When it is possible, you should ALWAYS keep your description standard. There will be situations when Bonamark’s employees or attorneys will recommend using a non-standard description and there are situations when it is beneficial to you. But in the majority of the cases, a standard description equals less time and money spent.
NOTE! Once your mark is filed, you can’t add anything to the description of goods or services. You can only delete or limit items, but you can’t add anything new. You can change Soft Drinks to Soft Drinks containing caffeine, but not the other way around.
Picking the correct items is something you can do yourself. The process is the following:
Below I will explain HOW exactly you can do this.
Determining the class for your mark:
The Classification includes 34 classes for products and 11 classes for services (this is true for almost every country). Each class has something called a heading. It briefly describes the content of the class. An example is below:
Class 8: Hand tools and implements, hand-operated; Cutlery; Side arms, except firearms; Razors
The purpose of the header is to determine the correct class or classes for your products or services.
The headers are available here: https://euipo.europa.eu/ec2/classheadings/?niceClassLang=en
As the first step, you must determine the class or classes. You can ask Bonamark to help with this.
If you can’t find the correct class or are not sure about the classes, I suggest that you check the trademarks of companies offering similar products or services. This is a great way to find classes worth protecting. For example, did you know that if you have an online version of your application, you should file your mark in class 42 as well as class 9?
Choosing the correct items can be difficult, but no worries, I am here to help. Google “USPTO Trademark ID Manual” (I am not giving the link as they frequently change URLs).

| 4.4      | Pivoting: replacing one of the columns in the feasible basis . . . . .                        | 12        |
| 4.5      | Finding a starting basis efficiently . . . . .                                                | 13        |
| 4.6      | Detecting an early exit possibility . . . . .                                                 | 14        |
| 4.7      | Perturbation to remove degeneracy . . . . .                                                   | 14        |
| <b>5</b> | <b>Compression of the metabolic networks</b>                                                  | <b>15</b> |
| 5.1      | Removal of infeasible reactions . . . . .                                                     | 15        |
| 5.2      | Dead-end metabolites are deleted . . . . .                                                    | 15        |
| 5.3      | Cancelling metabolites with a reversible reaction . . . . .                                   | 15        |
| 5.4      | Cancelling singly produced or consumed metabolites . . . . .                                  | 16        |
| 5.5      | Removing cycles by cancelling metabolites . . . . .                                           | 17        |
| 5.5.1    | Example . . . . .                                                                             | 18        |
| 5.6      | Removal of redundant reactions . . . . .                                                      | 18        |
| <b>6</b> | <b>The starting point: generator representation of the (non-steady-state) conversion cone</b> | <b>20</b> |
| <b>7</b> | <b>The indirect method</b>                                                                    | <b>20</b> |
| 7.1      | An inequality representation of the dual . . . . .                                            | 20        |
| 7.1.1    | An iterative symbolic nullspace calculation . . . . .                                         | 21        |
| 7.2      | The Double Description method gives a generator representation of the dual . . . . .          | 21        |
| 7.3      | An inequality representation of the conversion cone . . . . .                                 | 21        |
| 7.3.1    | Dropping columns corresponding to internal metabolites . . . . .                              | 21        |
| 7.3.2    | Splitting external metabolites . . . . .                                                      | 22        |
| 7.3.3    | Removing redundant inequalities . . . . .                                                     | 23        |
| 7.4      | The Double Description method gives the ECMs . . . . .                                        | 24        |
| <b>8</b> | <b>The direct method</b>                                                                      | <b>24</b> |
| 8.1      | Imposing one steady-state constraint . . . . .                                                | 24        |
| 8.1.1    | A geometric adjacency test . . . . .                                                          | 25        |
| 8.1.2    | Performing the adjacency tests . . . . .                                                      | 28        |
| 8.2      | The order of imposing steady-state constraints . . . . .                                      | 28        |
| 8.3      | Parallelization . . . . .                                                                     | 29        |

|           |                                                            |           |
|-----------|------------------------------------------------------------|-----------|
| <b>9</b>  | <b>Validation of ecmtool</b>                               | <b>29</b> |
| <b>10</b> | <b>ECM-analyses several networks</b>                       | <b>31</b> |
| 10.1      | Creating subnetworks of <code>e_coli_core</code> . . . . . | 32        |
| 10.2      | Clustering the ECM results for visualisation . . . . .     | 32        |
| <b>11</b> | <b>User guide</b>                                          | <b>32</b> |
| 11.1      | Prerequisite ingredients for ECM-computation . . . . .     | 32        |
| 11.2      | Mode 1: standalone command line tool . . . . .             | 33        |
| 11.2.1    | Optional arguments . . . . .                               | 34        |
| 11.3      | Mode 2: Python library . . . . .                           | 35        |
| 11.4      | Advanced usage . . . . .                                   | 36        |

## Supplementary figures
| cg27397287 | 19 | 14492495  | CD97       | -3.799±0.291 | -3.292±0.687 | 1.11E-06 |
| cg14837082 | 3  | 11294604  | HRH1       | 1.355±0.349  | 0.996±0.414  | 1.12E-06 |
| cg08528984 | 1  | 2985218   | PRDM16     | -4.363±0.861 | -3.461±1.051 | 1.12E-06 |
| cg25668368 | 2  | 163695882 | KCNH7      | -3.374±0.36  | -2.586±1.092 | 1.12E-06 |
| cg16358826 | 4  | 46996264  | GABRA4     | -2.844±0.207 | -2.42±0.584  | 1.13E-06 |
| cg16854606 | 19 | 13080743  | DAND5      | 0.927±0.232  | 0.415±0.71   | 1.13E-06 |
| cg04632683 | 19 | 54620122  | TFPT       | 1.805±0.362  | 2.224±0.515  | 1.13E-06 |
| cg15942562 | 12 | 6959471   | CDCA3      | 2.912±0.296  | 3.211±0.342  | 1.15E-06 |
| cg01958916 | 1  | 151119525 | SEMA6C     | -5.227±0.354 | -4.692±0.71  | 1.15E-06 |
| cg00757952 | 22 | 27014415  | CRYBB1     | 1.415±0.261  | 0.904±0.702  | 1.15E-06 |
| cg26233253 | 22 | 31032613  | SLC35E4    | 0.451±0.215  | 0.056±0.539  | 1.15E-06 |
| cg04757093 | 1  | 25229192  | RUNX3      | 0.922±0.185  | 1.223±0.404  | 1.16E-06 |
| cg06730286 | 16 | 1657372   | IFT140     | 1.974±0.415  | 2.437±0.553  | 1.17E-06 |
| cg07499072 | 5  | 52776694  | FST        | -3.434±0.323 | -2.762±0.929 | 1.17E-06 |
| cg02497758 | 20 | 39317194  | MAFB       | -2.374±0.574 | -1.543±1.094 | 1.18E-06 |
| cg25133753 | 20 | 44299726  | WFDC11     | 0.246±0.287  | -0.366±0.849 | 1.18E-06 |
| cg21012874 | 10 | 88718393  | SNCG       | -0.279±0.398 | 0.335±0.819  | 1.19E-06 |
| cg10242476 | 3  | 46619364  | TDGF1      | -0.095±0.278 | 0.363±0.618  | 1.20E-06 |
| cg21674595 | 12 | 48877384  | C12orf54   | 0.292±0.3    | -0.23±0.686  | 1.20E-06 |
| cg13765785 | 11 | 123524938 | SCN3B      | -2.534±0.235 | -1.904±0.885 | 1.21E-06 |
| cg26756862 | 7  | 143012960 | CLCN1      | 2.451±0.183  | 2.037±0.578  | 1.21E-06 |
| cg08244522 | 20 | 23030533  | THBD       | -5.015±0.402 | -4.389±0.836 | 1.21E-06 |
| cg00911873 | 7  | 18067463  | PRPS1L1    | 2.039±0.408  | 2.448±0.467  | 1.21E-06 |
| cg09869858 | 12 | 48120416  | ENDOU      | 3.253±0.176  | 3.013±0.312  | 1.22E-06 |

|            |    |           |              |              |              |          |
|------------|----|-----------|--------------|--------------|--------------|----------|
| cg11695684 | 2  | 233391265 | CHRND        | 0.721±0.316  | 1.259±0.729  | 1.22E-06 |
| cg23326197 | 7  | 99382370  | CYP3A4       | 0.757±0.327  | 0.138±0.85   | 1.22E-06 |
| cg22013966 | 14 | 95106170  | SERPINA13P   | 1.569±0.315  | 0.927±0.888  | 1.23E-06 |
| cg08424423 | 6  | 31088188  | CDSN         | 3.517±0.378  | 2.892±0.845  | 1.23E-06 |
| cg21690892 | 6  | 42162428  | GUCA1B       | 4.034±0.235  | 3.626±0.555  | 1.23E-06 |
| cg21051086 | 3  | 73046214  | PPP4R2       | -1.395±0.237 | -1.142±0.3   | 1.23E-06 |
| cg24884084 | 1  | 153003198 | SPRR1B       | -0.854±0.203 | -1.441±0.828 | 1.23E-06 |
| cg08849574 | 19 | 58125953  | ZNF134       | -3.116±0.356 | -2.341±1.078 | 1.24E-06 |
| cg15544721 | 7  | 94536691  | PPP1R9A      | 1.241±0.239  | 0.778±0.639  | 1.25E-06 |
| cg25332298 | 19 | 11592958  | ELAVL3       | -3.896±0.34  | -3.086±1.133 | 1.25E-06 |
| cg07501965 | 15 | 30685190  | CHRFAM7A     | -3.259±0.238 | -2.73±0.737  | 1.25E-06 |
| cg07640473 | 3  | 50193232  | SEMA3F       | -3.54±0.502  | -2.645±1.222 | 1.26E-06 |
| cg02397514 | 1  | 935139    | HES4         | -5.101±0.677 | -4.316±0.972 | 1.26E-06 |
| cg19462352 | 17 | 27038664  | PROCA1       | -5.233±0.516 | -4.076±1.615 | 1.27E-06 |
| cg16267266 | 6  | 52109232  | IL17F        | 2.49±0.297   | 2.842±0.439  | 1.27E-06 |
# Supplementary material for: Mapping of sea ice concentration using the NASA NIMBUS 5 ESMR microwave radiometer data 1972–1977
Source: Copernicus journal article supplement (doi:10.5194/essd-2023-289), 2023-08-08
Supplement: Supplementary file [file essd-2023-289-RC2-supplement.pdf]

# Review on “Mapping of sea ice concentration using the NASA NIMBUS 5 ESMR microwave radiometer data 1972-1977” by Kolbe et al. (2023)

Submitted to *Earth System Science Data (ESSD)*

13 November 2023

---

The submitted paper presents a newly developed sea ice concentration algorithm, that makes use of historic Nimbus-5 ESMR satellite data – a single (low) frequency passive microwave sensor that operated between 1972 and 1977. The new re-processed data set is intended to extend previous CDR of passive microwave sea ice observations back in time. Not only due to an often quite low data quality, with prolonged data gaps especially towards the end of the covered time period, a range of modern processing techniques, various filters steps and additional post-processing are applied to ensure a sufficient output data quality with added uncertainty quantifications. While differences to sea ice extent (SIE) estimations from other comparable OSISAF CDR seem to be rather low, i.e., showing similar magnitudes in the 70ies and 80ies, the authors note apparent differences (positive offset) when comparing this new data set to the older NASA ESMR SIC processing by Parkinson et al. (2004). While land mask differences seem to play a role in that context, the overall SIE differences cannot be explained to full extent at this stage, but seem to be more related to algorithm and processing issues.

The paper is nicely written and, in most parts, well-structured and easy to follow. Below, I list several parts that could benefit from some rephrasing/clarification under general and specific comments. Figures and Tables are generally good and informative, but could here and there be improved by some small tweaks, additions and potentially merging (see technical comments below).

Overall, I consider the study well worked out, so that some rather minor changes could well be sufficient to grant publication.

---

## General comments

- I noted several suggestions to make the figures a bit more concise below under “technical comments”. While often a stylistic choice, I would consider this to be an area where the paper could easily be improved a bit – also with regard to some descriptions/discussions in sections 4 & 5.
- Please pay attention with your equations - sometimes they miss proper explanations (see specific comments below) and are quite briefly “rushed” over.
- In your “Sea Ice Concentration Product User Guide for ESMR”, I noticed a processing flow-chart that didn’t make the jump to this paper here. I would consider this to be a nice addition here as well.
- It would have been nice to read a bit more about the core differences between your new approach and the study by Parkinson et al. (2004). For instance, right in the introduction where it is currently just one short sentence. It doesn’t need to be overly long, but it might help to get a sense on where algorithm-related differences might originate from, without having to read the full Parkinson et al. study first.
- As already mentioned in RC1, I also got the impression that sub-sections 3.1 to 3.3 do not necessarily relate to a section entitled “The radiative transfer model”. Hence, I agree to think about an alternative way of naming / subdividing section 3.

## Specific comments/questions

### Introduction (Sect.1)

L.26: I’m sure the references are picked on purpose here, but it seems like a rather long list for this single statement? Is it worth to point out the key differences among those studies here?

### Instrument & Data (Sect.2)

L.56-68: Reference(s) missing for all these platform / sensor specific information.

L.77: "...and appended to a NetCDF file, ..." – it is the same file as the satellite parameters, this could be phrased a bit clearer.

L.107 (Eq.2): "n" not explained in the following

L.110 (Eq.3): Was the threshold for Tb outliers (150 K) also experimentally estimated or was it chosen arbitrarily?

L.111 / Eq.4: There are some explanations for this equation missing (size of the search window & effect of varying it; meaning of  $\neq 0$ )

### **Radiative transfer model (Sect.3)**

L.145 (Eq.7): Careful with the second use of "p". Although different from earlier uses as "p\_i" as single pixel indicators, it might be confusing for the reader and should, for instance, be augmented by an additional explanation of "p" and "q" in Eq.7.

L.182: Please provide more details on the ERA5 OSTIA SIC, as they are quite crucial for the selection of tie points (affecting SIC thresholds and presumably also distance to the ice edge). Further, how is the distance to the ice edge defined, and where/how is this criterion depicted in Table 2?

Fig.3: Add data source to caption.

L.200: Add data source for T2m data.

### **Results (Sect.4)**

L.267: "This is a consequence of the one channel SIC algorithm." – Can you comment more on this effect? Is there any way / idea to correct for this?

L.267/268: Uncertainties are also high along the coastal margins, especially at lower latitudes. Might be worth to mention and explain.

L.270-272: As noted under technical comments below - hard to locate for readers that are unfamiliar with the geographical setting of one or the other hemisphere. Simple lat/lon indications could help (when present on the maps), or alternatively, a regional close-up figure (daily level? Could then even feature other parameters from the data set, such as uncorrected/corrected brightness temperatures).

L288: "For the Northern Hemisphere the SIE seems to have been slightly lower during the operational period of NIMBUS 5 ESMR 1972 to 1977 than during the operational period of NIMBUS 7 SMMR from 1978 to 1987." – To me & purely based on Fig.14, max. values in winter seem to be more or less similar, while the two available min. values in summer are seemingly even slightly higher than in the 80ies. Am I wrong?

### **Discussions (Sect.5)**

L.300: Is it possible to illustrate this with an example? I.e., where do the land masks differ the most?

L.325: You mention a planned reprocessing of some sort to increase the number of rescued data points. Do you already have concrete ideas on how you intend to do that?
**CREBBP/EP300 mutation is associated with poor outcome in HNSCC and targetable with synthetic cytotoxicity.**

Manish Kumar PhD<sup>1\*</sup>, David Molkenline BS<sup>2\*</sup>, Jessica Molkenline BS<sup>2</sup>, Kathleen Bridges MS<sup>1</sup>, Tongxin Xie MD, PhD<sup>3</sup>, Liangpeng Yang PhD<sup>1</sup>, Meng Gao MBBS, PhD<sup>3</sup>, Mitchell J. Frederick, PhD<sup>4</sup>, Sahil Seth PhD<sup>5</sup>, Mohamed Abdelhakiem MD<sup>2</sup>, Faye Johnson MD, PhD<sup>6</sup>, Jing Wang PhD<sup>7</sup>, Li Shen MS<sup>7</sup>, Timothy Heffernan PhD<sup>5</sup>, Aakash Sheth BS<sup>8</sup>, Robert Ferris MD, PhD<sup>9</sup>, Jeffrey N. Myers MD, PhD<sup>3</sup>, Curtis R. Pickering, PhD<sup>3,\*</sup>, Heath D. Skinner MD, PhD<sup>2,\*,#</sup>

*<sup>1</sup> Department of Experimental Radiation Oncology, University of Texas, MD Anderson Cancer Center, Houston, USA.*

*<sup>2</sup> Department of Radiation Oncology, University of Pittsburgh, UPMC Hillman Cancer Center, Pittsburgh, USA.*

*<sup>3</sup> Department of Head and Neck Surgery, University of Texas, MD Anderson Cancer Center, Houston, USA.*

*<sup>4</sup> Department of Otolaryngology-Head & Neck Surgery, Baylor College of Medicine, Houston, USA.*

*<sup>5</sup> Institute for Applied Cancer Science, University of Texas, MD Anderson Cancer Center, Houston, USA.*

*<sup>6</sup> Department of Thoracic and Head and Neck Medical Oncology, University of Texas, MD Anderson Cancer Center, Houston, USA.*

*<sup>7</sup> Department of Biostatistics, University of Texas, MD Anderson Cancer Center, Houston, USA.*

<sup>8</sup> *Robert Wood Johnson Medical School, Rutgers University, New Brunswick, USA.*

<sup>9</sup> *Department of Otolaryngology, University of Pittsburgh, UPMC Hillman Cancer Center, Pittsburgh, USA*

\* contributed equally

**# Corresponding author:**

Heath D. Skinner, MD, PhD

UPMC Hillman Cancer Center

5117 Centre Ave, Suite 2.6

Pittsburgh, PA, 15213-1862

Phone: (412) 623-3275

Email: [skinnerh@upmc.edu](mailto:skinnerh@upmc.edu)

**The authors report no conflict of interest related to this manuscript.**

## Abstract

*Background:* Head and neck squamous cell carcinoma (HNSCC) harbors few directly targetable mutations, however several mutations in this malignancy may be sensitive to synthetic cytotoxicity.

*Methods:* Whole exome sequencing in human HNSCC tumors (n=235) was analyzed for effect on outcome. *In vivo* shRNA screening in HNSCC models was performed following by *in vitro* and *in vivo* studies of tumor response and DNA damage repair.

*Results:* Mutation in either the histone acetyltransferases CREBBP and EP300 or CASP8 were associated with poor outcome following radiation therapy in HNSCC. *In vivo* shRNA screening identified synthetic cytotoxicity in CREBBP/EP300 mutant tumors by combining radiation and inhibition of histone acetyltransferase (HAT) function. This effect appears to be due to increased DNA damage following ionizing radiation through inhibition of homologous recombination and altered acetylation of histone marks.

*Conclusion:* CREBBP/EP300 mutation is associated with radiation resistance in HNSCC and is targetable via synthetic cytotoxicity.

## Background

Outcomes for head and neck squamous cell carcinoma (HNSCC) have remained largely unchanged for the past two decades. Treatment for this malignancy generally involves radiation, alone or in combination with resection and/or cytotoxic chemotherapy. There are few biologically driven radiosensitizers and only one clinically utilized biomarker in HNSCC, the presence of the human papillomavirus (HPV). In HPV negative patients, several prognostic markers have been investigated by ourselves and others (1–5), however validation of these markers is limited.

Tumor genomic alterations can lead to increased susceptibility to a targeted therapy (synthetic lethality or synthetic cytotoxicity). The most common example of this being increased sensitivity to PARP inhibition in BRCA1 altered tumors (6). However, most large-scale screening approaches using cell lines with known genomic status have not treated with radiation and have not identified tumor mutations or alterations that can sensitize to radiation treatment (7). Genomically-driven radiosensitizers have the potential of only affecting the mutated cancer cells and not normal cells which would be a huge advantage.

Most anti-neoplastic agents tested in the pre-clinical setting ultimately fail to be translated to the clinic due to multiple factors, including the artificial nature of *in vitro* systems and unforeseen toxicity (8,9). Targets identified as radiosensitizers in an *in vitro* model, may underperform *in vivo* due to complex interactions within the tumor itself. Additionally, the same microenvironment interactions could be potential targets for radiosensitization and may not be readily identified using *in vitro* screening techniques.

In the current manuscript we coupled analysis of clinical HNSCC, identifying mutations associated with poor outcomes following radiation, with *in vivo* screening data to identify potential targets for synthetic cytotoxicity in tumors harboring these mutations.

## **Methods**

That’s what you need to find:
Here, you need to search for the name of your products. Let’s say I am a company manufacturing phone cases. How would I search for this?
Well, this is quite straightforward.
Let’s check if we can find out the product by searching for it in the official USPTO Classification. That’s what I found:
there are no “phone cases” but there are cell phone cases and cases for mobile phones. When coming up with the final description the items must be exactly the same as in the classification.
How many items to choose? I recommend choosing 5 to 7 items. In my experience, this is the sweet spot when your description covers all the products you sell but is not too long. The USPTO does not like long descriptions and if you have more than 30 items you should stop and seriously consider if you have abundant items in the description. Note, the USPTO might ask you to provide evidence that you actually sell each of the items in your description and even if you do, this can be a time-consuming task.
Sometimes one or two items are just enough. If you can’t find the correct items, you can always ask Bonamark to help you by checking the items you found or suggesting additional terms.
OK, here is the unpopular opinion you won't hear from a real trademark attorney. No, really, you can be banished from every attorney association. Luckily, I am not an attorney in the USA and can tell you the truth. ChatGPT can pick up a class for you faster than any attorney based on your vague description of what you sell. It can't do it as accurately as a real attorney, though, nor is it a substitute for an attorney. But that's a great starting point.
During an interview:
- I'm very fast at math.
- OK, what is 39 times 29?
- But that's wrong!
- Yes, but it was fast!
Jokes aside, you can try it for yourself, BUT always check it after with an attorney. Do not rely on ChatGPT for picking standard items from the classes. It makes a lot of errors, at least currently in 2023. I used it for finding out classes for filing in the EU when a client dumped a very vague 1-page explanation of his business on me. I was able to filter through the list of classes provided by ChatGPT, as many of the classes offered were not crucial for the client. Nonetheless, with a shorter description, you can get better results.